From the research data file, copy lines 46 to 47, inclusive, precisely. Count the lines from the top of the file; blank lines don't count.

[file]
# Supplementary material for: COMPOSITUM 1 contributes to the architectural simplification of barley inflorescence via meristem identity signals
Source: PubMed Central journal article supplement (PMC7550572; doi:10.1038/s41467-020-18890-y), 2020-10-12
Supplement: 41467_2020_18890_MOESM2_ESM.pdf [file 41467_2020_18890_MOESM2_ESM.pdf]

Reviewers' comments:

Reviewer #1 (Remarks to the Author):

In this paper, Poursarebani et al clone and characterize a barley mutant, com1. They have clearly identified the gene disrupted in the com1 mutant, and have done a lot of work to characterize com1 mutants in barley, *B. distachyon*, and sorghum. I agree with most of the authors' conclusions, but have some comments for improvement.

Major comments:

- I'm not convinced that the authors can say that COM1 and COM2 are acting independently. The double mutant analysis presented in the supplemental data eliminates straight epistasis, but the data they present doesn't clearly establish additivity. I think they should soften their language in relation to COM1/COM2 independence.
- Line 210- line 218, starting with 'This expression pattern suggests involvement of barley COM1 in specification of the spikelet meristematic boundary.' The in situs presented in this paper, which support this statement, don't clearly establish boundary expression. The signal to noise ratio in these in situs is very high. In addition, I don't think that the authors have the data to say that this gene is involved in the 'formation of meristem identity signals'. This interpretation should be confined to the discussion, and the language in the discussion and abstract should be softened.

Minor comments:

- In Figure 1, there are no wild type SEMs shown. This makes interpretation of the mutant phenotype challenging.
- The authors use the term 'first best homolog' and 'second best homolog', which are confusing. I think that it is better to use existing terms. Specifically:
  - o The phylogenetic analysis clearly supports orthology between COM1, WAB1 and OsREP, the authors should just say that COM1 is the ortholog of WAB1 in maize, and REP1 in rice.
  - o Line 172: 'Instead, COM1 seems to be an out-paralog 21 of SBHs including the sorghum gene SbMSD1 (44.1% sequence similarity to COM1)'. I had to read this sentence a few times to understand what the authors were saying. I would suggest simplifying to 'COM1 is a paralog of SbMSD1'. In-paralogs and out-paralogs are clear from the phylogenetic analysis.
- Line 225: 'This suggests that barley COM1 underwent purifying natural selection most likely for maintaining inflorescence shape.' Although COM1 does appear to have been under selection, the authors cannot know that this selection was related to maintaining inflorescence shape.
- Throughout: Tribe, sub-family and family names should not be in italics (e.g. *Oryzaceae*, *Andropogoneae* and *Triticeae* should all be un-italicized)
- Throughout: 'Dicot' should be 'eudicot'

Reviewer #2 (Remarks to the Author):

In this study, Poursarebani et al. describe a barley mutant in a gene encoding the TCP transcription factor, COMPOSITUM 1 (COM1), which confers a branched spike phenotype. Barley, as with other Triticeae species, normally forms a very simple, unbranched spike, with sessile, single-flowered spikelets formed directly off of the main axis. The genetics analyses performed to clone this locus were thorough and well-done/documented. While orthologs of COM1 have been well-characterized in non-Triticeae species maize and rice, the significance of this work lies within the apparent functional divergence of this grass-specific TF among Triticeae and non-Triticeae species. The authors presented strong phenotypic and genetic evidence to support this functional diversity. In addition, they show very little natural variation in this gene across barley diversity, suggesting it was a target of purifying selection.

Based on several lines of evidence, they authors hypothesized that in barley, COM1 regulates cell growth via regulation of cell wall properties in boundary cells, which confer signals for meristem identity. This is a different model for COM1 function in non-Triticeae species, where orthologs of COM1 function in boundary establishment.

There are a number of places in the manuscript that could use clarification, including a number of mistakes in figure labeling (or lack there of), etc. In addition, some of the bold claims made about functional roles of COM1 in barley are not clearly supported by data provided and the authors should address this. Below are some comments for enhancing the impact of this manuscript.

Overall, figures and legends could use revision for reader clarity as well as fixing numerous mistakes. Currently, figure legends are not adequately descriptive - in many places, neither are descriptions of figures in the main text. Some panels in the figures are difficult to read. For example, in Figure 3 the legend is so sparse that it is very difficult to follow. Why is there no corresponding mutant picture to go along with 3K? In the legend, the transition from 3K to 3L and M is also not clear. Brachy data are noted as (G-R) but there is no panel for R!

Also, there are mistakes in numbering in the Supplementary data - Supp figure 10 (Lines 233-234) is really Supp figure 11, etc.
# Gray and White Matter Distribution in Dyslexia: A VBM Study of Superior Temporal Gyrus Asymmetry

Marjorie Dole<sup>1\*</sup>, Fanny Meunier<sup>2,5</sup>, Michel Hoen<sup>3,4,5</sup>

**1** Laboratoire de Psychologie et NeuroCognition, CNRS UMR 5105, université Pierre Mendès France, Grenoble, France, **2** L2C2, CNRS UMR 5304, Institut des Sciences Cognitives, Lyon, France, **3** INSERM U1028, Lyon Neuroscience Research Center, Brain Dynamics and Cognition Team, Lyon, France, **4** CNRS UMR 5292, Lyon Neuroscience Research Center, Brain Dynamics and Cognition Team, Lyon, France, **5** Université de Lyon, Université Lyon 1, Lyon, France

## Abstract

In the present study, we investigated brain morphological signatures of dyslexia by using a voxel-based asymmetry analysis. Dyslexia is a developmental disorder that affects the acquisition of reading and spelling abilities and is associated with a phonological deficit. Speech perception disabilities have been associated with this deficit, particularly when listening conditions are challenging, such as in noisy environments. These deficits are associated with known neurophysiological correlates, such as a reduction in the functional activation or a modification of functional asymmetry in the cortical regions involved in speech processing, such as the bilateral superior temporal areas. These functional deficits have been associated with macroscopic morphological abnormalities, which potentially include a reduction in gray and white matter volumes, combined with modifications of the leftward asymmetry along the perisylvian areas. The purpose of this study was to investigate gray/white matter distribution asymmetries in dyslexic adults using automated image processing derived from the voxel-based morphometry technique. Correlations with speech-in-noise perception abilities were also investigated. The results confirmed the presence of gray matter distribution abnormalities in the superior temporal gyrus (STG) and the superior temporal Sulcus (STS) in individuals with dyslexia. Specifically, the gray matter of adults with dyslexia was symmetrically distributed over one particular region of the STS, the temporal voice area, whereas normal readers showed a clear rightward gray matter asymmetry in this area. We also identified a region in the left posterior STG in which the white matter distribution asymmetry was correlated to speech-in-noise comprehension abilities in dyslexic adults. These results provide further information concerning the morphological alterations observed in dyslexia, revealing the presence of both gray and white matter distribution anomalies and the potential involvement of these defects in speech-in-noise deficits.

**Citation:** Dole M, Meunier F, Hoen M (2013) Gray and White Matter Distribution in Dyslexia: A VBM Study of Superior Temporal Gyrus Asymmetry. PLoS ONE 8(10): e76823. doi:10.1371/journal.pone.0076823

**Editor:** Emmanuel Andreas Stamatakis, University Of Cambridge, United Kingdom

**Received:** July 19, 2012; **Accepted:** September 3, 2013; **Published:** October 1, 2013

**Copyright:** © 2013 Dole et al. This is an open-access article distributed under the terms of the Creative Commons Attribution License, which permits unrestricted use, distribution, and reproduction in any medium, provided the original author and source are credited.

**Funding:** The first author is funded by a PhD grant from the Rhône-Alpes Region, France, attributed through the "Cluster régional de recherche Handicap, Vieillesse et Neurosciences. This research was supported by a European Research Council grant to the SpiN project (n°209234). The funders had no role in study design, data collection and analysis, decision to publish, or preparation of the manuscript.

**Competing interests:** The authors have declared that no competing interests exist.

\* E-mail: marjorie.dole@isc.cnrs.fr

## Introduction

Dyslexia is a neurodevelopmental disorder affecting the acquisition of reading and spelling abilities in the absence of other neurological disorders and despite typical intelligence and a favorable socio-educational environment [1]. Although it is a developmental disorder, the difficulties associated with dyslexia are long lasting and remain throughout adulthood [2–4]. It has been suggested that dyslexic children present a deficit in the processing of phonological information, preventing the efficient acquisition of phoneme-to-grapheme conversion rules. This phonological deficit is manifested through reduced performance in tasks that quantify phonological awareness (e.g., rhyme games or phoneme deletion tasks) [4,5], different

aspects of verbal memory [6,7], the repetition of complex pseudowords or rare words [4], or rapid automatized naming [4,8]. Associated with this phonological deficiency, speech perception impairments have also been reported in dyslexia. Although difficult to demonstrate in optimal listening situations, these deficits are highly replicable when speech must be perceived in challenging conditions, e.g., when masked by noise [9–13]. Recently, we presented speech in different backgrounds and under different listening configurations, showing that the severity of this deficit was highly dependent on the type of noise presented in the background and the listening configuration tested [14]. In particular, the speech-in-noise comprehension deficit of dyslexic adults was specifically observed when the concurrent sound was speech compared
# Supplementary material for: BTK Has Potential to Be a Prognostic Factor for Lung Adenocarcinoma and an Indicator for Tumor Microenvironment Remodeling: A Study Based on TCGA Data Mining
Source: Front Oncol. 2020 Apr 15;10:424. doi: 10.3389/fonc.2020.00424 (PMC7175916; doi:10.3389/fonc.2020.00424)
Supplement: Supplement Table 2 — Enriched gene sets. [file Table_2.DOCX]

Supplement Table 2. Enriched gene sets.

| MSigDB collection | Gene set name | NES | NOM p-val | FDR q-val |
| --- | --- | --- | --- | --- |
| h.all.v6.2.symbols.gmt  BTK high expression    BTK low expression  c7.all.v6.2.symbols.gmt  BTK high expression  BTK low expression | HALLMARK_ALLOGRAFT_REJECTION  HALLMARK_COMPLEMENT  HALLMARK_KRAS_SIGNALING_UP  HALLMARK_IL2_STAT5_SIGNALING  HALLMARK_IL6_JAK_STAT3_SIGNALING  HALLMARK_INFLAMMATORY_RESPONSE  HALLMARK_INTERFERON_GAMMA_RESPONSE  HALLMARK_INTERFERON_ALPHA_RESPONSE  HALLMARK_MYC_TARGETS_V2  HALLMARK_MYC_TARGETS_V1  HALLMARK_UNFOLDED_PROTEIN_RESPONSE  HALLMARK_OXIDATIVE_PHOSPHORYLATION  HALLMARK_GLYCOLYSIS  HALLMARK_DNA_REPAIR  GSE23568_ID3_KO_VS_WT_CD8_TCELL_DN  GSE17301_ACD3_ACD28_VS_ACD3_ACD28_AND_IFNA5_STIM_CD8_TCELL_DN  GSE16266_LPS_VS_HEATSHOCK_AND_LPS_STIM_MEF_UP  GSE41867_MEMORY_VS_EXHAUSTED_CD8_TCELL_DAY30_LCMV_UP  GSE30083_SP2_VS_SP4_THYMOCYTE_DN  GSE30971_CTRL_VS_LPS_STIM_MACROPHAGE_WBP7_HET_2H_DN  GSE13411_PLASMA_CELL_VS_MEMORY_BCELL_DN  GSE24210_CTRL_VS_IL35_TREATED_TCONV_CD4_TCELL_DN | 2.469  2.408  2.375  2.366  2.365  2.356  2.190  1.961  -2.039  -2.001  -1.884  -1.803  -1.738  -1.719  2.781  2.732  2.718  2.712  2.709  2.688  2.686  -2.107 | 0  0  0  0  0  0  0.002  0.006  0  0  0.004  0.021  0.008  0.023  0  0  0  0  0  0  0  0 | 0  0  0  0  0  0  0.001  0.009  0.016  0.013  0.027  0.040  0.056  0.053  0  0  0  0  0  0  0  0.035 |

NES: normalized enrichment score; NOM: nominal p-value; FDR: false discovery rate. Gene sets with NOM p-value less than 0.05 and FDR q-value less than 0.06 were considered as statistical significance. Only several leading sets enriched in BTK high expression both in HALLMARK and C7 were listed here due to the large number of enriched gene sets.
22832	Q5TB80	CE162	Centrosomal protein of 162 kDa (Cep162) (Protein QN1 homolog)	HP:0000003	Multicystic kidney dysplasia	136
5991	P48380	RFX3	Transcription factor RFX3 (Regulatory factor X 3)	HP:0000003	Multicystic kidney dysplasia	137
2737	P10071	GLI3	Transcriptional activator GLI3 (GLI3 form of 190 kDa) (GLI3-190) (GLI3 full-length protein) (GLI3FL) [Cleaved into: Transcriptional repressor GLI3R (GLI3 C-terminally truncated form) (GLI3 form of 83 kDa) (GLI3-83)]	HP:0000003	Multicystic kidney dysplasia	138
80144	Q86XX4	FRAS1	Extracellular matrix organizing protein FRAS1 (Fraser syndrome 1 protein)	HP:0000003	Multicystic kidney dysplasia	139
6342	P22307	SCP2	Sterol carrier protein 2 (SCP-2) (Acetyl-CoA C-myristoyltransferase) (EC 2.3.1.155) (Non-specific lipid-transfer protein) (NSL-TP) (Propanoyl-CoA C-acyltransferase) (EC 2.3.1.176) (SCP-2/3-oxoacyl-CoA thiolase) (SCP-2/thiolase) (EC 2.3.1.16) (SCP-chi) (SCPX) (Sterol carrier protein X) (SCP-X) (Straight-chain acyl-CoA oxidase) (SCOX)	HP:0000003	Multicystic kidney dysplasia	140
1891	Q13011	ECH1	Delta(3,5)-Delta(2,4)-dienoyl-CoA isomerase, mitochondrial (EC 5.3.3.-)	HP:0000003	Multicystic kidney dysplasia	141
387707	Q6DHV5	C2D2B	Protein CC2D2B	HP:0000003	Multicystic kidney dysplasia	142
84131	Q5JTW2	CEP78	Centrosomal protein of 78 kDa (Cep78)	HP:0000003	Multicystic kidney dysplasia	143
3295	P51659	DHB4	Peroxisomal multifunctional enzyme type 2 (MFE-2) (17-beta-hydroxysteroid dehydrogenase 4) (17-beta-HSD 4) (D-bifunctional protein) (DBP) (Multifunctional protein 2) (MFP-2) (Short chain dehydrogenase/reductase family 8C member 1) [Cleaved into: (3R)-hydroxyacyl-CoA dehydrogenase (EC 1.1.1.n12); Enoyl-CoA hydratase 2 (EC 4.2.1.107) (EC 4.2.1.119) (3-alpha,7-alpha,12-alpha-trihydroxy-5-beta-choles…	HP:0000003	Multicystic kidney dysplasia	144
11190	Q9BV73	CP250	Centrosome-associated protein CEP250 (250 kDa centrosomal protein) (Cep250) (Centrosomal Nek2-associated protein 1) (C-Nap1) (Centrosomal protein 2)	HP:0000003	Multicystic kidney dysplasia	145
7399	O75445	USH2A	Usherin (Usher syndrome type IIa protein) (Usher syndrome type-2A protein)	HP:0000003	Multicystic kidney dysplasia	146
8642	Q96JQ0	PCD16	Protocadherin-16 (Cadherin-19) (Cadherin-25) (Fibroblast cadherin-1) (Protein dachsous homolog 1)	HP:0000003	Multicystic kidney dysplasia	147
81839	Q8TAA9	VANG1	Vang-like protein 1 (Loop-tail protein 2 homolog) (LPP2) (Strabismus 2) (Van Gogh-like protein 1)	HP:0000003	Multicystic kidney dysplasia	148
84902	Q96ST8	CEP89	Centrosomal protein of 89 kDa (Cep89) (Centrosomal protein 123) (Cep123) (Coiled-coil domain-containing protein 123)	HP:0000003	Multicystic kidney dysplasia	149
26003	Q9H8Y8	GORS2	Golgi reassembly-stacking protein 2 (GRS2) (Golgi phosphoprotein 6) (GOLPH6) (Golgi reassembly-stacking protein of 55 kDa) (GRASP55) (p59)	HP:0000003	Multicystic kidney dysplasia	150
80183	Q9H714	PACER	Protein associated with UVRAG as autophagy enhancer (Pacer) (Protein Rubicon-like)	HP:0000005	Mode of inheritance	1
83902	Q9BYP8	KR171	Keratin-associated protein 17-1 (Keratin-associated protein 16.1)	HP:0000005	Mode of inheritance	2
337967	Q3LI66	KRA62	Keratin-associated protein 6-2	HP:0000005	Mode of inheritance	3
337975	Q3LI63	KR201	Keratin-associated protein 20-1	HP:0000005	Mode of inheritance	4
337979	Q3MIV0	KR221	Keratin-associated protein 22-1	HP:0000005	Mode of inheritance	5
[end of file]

NES: normalized enrichment score; NOM: nominal p-value; FDR: false discovery rate. Gene sets with NOM p-value less than 0.05 and FDR q-value less than 0.06 were considered as statistical significance. Only several leading sets enriched in BTK high expression both in HALLMARK and C7 were listed here due to the large number of enriched gene sets.
22832	Q5TB80	CE162	Centrosomal protein of 162 kDa (Cep162) (Protein QN1 homolog)	HP:0000003	Multicystic kidney dysplasia	136